Holden, Kate

Review: “The Romantic: Italian Nights and Days” by Kate Holden [2010]

I adore Kate Holden and have great admiration for her and her writing. Her fortnightly columns in Saturday Age and her musings on her website are filled with wit and a wry sense of humour. I also loved her first autobiography In My Skin.

So it really pains me to say that her second autobiography left me quite disappointed. The Romantic follows up after the seemingly ‘happily ever after’ in the first book where Kate kicked her heroin addiction, left her job as a prostitute and finally got herself sorted enough to get on a plane and leave for Italy and to make a clean break. (Note: you don’t need to have read the first book in order to understand the second). In Italy, Kate, now twenty-nine, roams listlessly between Rome and Naples and have a long string of affairs. The book is basically a description of her string of affairs and sexual escapades in Italy. She wanders through the sights, learns some Italian, writes in her diary and reads the romantic poets in her spare time.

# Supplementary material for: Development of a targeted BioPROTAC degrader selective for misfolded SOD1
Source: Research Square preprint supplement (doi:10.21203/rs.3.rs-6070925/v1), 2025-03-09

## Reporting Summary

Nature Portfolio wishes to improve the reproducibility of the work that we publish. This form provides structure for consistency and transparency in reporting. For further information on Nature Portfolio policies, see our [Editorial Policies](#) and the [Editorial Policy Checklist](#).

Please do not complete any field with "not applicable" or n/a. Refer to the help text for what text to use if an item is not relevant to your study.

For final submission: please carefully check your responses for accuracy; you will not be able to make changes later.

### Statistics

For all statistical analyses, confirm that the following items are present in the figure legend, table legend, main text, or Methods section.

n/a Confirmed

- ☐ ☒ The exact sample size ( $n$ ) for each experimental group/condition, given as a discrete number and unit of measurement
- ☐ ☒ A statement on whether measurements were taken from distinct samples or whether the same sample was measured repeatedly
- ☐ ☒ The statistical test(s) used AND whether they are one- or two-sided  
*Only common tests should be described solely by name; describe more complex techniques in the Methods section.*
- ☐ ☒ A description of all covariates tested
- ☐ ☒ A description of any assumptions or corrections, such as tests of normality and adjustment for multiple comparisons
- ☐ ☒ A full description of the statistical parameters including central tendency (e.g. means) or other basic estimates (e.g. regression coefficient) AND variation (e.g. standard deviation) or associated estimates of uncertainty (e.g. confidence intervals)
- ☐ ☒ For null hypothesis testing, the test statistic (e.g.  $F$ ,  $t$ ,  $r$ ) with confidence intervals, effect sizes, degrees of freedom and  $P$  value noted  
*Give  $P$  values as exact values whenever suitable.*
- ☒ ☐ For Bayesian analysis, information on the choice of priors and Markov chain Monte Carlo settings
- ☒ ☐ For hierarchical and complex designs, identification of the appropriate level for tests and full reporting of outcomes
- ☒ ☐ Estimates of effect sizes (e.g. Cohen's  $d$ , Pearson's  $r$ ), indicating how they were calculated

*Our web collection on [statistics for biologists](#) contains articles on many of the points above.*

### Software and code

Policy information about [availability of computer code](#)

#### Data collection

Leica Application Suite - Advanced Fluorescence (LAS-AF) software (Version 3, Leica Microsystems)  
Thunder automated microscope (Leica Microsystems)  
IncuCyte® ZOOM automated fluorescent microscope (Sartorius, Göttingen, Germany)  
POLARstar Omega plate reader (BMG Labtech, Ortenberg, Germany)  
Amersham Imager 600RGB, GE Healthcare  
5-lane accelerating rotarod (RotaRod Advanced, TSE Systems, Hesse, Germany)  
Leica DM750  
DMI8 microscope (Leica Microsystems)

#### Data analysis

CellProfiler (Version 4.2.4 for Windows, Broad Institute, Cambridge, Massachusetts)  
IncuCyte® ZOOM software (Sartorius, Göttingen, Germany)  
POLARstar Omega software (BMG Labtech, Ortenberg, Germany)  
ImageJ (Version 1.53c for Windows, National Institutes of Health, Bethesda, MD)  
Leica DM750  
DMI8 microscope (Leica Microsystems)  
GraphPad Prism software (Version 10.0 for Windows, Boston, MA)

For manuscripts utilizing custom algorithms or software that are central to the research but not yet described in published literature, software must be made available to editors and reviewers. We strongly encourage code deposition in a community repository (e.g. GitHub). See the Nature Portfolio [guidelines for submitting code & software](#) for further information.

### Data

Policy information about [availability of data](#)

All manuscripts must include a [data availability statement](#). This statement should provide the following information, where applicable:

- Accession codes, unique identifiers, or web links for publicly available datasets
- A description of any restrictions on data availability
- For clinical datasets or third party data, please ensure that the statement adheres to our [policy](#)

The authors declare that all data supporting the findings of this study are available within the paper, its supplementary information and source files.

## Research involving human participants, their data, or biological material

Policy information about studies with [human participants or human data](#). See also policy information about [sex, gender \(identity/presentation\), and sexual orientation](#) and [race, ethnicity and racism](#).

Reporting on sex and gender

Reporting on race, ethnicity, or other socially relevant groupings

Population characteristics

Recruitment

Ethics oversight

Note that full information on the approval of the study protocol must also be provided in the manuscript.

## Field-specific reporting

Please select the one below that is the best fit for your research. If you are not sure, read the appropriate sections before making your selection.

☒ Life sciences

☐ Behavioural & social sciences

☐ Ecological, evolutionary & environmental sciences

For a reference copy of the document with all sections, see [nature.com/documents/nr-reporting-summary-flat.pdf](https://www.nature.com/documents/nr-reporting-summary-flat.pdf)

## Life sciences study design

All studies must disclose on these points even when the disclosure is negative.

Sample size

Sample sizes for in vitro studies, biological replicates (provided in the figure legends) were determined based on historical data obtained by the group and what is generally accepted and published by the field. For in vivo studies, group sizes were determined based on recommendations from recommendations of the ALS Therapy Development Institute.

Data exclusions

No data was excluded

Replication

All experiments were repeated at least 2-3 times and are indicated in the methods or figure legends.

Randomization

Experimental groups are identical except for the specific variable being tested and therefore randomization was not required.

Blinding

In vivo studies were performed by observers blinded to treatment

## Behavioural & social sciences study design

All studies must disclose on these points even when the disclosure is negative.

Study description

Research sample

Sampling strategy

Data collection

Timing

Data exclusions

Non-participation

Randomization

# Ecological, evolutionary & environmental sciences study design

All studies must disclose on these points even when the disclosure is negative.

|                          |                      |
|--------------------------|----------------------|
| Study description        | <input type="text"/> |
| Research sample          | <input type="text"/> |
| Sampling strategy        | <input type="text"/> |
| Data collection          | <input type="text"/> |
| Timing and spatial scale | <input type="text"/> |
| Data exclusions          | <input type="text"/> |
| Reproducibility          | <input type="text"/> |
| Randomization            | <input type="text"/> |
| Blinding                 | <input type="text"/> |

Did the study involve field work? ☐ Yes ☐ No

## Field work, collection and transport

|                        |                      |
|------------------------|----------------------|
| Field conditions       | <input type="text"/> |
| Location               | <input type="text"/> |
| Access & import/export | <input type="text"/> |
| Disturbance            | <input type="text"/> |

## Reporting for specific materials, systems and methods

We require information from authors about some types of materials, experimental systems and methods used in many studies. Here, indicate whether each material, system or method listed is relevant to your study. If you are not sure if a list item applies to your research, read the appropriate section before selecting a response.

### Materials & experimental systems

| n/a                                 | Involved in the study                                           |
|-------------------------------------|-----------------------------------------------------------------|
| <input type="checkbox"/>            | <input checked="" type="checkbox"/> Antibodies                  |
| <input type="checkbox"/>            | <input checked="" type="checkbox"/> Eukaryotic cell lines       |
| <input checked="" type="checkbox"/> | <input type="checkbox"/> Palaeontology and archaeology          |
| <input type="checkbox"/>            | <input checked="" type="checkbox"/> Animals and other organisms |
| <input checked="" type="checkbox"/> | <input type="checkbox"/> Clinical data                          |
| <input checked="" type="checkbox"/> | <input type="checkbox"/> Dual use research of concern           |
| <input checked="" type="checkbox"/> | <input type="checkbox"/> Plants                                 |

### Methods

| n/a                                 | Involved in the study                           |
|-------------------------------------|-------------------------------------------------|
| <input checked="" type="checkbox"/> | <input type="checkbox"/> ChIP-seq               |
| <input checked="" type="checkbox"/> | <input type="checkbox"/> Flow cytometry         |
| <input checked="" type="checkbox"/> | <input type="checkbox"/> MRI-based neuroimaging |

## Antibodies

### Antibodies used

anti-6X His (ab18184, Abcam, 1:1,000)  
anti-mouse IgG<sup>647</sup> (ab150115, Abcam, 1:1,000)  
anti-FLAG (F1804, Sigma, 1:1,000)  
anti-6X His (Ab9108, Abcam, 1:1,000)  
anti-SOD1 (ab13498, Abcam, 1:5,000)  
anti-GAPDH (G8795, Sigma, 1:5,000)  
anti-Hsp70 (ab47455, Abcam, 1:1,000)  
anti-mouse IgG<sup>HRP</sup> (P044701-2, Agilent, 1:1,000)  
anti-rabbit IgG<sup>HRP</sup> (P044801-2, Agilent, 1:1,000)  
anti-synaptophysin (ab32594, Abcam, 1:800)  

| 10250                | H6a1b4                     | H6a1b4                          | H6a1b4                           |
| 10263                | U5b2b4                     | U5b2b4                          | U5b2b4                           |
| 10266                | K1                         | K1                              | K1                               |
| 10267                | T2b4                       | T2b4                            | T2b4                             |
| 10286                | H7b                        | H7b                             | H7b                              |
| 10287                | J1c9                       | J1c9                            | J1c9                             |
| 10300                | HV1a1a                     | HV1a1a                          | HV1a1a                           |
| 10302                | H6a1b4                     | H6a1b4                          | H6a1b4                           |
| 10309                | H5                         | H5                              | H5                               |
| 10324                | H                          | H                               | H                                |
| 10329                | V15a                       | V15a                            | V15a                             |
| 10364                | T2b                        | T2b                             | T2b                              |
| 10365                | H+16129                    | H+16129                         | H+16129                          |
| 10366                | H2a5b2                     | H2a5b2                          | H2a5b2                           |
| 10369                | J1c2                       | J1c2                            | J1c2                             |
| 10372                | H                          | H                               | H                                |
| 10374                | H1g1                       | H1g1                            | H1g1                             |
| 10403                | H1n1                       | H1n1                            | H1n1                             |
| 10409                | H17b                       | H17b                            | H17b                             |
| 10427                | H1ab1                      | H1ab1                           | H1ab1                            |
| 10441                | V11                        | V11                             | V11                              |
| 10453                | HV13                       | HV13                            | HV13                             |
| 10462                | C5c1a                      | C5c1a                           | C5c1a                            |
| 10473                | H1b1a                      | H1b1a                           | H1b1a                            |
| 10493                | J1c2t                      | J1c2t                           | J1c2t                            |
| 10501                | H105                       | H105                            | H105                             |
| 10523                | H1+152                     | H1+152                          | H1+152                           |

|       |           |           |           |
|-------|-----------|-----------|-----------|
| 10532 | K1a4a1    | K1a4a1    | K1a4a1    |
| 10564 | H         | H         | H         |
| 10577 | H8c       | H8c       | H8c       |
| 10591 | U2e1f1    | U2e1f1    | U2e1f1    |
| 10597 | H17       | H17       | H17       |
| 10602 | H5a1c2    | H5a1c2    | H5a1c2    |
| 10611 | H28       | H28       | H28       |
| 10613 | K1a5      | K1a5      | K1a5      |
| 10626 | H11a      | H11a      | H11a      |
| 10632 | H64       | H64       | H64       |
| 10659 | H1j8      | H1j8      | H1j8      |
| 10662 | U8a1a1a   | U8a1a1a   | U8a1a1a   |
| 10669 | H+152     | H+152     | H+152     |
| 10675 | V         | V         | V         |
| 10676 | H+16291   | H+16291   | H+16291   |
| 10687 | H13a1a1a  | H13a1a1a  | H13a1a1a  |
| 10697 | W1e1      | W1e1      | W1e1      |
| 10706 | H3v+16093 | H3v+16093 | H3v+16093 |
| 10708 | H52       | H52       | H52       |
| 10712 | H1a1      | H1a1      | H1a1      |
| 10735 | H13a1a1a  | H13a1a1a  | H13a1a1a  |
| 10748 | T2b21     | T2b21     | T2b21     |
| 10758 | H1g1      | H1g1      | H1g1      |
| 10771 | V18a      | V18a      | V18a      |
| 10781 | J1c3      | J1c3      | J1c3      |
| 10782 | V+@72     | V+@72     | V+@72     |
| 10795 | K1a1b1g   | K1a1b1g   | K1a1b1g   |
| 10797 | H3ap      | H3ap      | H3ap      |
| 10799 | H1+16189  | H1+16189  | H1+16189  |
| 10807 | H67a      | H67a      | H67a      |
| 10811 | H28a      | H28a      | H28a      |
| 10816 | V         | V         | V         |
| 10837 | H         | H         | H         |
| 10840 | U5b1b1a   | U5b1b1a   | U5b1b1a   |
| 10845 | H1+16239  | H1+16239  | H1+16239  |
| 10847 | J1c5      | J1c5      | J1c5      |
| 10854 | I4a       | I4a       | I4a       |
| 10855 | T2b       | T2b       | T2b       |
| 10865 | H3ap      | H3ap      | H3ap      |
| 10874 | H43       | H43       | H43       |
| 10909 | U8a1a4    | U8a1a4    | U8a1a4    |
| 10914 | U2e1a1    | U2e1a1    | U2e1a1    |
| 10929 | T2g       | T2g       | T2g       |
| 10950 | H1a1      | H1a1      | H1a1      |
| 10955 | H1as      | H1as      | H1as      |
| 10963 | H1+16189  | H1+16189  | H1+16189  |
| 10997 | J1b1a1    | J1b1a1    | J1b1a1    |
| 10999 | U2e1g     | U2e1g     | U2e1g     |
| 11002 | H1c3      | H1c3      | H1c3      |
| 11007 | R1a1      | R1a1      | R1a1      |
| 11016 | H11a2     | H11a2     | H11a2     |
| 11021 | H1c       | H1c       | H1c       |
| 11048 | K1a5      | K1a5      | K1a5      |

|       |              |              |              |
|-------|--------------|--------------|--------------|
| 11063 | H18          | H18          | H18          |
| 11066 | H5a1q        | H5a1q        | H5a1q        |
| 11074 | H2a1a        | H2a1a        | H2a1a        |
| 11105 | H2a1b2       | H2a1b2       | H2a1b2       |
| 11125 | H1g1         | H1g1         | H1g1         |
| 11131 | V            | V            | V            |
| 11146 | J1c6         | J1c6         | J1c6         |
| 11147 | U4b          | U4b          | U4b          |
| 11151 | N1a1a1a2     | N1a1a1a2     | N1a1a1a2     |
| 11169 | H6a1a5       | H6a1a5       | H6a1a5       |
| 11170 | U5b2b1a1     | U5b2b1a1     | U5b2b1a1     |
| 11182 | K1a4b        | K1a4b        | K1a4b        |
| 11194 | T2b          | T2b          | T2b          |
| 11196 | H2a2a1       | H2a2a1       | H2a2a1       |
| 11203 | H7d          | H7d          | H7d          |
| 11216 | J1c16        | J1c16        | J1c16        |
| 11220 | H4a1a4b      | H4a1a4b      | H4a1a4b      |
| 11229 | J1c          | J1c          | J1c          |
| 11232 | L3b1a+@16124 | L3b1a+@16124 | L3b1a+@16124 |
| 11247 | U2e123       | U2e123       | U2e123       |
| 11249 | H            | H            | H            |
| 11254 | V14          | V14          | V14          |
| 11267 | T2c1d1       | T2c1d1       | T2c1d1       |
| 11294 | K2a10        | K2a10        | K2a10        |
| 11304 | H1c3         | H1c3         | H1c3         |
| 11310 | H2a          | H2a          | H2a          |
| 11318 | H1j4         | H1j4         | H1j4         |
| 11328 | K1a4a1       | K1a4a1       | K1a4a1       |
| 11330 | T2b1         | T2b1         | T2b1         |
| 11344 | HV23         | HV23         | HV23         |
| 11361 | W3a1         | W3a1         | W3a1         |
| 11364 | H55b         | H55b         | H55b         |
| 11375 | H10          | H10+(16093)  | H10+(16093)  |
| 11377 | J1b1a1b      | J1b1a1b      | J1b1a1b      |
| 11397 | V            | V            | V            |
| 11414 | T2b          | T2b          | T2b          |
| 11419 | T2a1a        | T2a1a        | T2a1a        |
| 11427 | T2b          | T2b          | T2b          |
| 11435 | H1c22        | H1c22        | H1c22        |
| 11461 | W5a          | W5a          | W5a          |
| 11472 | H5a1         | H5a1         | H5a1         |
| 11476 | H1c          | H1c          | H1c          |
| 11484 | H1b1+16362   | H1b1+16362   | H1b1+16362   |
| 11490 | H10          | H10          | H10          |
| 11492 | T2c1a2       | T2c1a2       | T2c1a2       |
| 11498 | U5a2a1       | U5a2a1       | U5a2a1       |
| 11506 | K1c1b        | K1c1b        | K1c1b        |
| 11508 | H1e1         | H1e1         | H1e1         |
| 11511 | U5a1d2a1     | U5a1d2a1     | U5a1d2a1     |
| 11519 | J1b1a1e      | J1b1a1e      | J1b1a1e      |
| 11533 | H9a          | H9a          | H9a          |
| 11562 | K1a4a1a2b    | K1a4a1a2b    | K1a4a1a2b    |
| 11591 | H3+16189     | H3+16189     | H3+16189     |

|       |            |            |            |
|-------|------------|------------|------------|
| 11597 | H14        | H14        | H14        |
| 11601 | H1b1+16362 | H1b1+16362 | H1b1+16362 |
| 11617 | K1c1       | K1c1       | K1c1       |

The book is divided and titled on the man Kate is happening to have an affair or sex with. There is Jack, a married man twice her age; Guido, a cheeky hotel worker; Massimo, Guido’s cheekier and charismatic brother; Rufus, a writer; Gabriele, a charming, hardworking and sweet Italian man; Donetella, a woman who gets entangled with Kate and Gabriele; and finally, Kate alone. There is a lot of sex. Kate likes sex, that point is clear, but there seems to be very little character development and the pacing stumbles with its aimlessness, perhaps intentional to capture Kate’s own feeling of aimlessness. There is also the struggle within Kate as she tries to distinguish herself between the Prostitute Kate and Clean Kate. Men seem to fall instantly in love with Kate and she does not discourage them. In being with so many different men and giving herself so easily and freely, it seemed like she was trying to find acceptance somehow and a place for her somewhere, anywhere, in society although almost all the men Kate was with were all unavailable one way or another.

In a moment he’s gone. She watches them drive away. This is the city where they met; they have said goodbye here before.

‘You are in my heart,’ he had said.

‘You are my heart,’ she replied.

But her heart is gone. She was always trying to give it away. – p. 233

Despite being let down by the book, the writing is beautiful even when the content is crude. The whole idea of identity is at play here (as it tends to be when a book is an autobiography!) and Kate really loses and distances herself as she refers to herself in third person in the book as if to point out that the Kate then is not the Kate now.